He was impossible not to notice.
Tall, with thick black slightly wavy hair, worn just a touch too long, he didn't look like a paediatric consultant--well, whatever paediatric consultants were supposed to look like.
Some days he would be wearing jeans and a T-shirt, finished off with dark leather cowboy boots, as if he'd just got off a horse. Other days--normally Mondays, Annika had noticed--it was a smart suit, but still with a hint of rebellion: his tie more than a little loosened, and with that silver earring he wore so well. There was just something that seemed to say his muscled, toned body wanted out of the tailored confines of his suit. And then again, but only rarely, given he wasn't a surgeon, if he'd been on call he might be wearing scrubs. Well, it almost made her dizzy: the thin cotton that accentuated the outline of his body, the extra glimpse of olive skin and the clip of Cuban-heeled boots as she'd walked behind him in the corridor one morning....
Ross Wyatt was her favourite diversion, and he was certainly diverting her now. Annika blushed as he pocketed his change, picked up his tray and caught her looking. She looked away, tried to listen to Cassie, but the slow, lazy smile he had treated her with danced before her eyes.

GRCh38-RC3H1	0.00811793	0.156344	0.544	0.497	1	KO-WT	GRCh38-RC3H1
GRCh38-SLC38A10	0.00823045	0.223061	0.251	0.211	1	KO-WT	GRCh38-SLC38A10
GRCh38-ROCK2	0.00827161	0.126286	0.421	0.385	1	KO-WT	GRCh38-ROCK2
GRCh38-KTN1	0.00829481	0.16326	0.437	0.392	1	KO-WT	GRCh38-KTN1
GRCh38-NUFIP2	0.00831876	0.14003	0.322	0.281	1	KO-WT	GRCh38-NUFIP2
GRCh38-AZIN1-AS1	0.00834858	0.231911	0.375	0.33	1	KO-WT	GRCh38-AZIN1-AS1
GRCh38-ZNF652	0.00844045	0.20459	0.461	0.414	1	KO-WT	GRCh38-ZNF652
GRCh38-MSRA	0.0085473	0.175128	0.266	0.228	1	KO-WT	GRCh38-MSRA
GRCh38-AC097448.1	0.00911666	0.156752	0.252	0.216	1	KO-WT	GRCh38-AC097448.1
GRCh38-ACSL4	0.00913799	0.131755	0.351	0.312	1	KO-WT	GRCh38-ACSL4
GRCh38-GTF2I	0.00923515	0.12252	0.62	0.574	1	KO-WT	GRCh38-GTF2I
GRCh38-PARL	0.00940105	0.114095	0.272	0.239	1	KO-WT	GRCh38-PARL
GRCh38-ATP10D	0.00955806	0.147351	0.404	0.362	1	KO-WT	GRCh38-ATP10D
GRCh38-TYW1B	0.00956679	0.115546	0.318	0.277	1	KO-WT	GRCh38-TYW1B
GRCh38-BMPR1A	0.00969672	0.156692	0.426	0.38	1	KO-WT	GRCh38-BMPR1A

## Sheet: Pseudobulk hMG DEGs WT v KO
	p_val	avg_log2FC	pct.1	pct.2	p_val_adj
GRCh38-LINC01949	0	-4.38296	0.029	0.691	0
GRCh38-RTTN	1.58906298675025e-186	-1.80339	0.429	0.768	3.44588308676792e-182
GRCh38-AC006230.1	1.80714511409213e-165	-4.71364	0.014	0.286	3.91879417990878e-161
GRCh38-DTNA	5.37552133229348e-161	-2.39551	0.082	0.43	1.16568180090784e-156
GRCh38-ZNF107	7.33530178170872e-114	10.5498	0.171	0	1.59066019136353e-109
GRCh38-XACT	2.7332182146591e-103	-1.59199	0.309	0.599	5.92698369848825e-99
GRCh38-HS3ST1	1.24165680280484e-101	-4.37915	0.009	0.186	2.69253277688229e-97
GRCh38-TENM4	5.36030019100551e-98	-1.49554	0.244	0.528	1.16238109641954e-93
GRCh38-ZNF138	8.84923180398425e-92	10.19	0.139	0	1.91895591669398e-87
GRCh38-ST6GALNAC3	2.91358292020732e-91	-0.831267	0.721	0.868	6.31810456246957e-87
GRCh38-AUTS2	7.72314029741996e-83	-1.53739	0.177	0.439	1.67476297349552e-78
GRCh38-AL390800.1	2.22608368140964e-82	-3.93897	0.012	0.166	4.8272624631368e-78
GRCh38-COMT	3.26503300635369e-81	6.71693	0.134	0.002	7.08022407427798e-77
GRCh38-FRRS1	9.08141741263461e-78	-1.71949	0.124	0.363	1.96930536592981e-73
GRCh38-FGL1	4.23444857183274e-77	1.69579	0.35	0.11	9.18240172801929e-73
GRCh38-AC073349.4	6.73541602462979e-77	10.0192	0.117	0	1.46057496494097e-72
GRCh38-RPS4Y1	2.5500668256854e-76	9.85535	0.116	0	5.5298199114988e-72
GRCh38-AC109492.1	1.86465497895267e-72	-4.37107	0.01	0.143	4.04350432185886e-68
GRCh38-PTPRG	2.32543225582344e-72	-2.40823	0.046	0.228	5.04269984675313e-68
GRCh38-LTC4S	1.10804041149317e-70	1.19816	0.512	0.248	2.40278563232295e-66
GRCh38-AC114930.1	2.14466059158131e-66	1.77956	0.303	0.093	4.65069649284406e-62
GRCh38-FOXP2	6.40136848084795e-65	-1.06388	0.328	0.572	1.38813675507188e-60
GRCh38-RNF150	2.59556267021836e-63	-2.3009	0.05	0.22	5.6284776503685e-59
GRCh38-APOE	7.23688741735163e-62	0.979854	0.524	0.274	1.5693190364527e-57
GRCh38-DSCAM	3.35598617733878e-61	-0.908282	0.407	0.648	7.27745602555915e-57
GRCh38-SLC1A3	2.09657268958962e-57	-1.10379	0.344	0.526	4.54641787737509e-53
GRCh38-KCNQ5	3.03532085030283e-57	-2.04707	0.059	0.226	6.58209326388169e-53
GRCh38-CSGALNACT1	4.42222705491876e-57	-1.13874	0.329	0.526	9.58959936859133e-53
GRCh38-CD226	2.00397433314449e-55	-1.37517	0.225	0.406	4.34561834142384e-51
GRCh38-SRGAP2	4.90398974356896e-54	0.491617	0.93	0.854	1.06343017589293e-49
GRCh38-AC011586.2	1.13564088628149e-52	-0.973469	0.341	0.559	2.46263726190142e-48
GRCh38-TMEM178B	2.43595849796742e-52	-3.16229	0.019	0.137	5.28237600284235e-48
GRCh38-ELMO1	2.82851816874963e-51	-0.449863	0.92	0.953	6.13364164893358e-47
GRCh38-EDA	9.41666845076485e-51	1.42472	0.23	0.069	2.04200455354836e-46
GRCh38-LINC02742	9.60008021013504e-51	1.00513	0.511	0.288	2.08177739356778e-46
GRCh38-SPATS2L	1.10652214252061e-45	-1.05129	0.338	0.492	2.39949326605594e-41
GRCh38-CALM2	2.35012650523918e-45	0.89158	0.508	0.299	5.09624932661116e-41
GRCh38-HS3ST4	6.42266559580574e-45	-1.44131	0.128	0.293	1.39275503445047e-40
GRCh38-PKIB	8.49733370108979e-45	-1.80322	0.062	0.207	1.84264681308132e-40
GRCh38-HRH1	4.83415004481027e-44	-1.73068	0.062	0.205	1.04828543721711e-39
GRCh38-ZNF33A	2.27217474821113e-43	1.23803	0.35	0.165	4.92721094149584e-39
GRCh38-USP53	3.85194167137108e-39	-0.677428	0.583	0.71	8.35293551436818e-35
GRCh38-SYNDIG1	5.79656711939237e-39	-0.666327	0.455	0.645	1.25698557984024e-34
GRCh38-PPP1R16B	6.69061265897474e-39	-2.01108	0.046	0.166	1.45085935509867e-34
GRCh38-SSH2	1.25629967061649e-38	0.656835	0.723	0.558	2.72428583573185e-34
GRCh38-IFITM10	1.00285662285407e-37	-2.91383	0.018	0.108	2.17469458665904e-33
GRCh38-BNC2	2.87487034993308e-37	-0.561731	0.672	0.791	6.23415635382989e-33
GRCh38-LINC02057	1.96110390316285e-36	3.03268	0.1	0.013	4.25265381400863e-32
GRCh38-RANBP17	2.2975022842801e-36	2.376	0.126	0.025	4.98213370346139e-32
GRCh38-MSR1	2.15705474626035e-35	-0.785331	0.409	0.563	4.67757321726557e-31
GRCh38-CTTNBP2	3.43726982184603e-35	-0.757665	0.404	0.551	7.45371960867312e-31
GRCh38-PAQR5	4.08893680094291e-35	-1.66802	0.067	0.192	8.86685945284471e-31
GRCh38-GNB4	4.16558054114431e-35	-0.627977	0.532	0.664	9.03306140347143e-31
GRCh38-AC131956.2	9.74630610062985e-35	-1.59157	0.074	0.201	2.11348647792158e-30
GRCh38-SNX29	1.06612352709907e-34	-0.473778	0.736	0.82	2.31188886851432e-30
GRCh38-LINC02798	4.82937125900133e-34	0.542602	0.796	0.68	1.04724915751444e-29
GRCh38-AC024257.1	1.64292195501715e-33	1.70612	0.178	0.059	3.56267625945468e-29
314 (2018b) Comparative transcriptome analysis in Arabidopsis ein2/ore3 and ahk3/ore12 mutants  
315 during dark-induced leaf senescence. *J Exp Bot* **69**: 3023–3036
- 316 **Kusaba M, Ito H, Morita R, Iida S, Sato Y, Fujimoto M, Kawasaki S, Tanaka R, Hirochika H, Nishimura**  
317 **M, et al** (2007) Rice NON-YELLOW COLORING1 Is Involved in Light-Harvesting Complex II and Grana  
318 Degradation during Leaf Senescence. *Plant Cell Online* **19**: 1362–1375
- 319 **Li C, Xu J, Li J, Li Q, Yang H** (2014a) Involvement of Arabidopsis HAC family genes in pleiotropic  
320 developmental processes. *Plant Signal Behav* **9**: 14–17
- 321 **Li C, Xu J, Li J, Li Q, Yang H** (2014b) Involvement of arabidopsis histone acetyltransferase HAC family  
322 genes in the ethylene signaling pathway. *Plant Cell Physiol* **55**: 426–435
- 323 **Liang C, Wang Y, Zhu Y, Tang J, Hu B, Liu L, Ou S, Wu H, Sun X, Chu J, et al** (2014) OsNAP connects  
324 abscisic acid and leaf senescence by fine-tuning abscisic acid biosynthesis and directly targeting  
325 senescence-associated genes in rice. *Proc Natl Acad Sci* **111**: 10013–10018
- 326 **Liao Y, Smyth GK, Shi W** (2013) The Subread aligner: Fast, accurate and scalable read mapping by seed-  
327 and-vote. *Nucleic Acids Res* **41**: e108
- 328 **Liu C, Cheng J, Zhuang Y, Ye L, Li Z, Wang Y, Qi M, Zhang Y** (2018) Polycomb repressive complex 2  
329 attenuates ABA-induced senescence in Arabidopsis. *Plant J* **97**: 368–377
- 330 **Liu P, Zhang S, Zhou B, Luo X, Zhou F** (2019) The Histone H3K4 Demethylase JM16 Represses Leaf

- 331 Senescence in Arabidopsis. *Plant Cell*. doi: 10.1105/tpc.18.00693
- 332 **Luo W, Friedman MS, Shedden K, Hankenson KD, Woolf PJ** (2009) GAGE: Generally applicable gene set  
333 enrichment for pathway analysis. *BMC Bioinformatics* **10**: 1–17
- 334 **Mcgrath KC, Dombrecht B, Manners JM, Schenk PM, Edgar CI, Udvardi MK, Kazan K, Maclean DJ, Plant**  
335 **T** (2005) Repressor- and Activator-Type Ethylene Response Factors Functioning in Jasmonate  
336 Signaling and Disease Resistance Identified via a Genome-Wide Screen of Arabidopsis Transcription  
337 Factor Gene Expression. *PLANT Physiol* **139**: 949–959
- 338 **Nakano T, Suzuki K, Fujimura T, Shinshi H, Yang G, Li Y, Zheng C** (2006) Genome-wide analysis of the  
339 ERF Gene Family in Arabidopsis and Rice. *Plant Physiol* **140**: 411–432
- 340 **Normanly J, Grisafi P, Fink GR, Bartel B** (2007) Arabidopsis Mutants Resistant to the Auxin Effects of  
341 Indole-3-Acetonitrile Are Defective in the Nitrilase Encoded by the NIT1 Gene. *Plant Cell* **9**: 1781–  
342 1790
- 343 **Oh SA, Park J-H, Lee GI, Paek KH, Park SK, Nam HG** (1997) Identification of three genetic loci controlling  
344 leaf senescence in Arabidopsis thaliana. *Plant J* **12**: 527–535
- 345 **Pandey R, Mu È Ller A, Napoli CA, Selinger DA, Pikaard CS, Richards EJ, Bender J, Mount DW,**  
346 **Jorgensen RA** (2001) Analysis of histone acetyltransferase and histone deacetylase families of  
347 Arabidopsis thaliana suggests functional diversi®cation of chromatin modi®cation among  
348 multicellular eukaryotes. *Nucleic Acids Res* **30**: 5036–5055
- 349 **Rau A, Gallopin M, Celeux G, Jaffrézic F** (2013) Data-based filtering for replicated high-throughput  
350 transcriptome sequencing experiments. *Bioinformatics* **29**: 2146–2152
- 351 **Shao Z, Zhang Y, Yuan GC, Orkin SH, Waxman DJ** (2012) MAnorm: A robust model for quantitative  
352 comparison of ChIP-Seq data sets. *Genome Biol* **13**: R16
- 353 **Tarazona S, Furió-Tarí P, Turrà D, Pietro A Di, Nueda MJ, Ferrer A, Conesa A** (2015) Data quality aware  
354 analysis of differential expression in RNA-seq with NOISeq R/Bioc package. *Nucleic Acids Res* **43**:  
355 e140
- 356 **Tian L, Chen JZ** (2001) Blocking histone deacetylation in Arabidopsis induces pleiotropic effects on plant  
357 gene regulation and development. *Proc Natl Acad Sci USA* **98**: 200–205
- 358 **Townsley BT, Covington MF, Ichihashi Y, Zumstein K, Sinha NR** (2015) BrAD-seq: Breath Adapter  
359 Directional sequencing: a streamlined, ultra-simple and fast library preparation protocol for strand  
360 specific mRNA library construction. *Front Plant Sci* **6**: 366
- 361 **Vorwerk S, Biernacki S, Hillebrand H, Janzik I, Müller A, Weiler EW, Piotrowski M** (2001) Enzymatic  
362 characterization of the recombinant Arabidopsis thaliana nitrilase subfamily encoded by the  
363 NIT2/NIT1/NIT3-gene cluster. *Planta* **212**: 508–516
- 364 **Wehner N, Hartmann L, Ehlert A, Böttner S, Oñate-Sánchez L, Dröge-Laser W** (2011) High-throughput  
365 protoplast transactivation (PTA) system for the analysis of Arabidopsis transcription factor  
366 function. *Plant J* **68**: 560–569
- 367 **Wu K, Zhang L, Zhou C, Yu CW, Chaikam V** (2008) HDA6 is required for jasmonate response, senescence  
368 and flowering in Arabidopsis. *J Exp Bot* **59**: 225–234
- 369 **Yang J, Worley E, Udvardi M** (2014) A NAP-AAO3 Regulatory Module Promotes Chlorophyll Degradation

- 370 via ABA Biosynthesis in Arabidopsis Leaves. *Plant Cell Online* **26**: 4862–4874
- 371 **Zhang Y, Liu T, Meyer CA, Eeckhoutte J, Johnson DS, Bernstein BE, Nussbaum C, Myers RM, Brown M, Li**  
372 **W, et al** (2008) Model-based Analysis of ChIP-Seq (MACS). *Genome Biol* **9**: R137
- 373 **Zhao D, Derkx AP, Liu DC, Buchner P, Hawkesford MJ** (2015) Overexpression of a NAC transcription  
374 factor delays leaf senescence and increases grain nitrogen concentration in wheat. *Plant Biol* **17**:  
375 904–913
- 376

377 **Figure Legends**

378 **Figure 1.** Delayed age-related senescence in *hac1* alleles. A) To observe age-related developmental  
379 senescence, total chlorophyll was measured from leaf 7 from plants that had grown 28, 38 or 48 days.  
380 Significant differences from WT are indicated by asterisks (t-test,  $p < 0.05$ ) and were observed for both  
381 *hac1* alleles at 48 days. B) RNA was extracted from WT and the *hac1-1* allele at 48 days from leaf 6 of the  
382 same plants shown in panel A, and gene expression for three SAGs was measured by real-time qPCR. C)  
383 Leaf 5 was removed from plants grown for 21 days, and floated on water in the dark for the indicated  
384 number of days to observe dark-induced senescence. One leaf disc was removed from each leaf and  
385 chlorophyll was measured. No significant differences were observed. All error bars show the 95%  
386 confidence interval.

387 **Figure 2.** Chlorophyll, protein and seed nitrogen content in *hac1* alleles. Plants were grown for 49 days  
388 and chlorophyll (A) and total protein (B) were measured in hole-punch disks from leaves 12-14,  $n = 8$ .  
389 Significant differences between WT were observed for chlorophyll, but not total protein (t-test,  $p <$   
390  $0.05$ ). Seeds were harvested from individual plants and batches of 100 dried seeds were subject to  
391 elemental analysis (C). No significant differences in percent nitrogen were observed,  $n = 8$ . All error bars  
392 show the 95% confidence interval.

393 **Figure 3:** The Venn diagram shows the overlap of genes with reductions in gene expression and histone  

Always he looked good--well, not in the conventional way: her mother, Nina, would faint at his choices. Fashion was one of the rules in her family, and Ross Wyatt broke them all.
And today, on her first day on the paediatric ward, as if to welcome her, he was dressed in Annika's personal favourite and he looked divine!
Black jeans, with a thick leather belt, a black crew-neck jumper that showed off to perfection his lean figure, black boots, and that silver earring. The colour was in his lips: wide, blood-red lips that curved into an easy smile. Annika hadn't got close enough yet to see his eyes, but he looked like a Spanish gypsy--just the sort of man her mother would absolutely forbid. He looked wild and untamed and thrilling--as if at any minute he would kick his heels and throw up his arms, stamp a flamenco on his way over to her. She could almost smell the smoke from the bonfire--he did that to her with a single smile...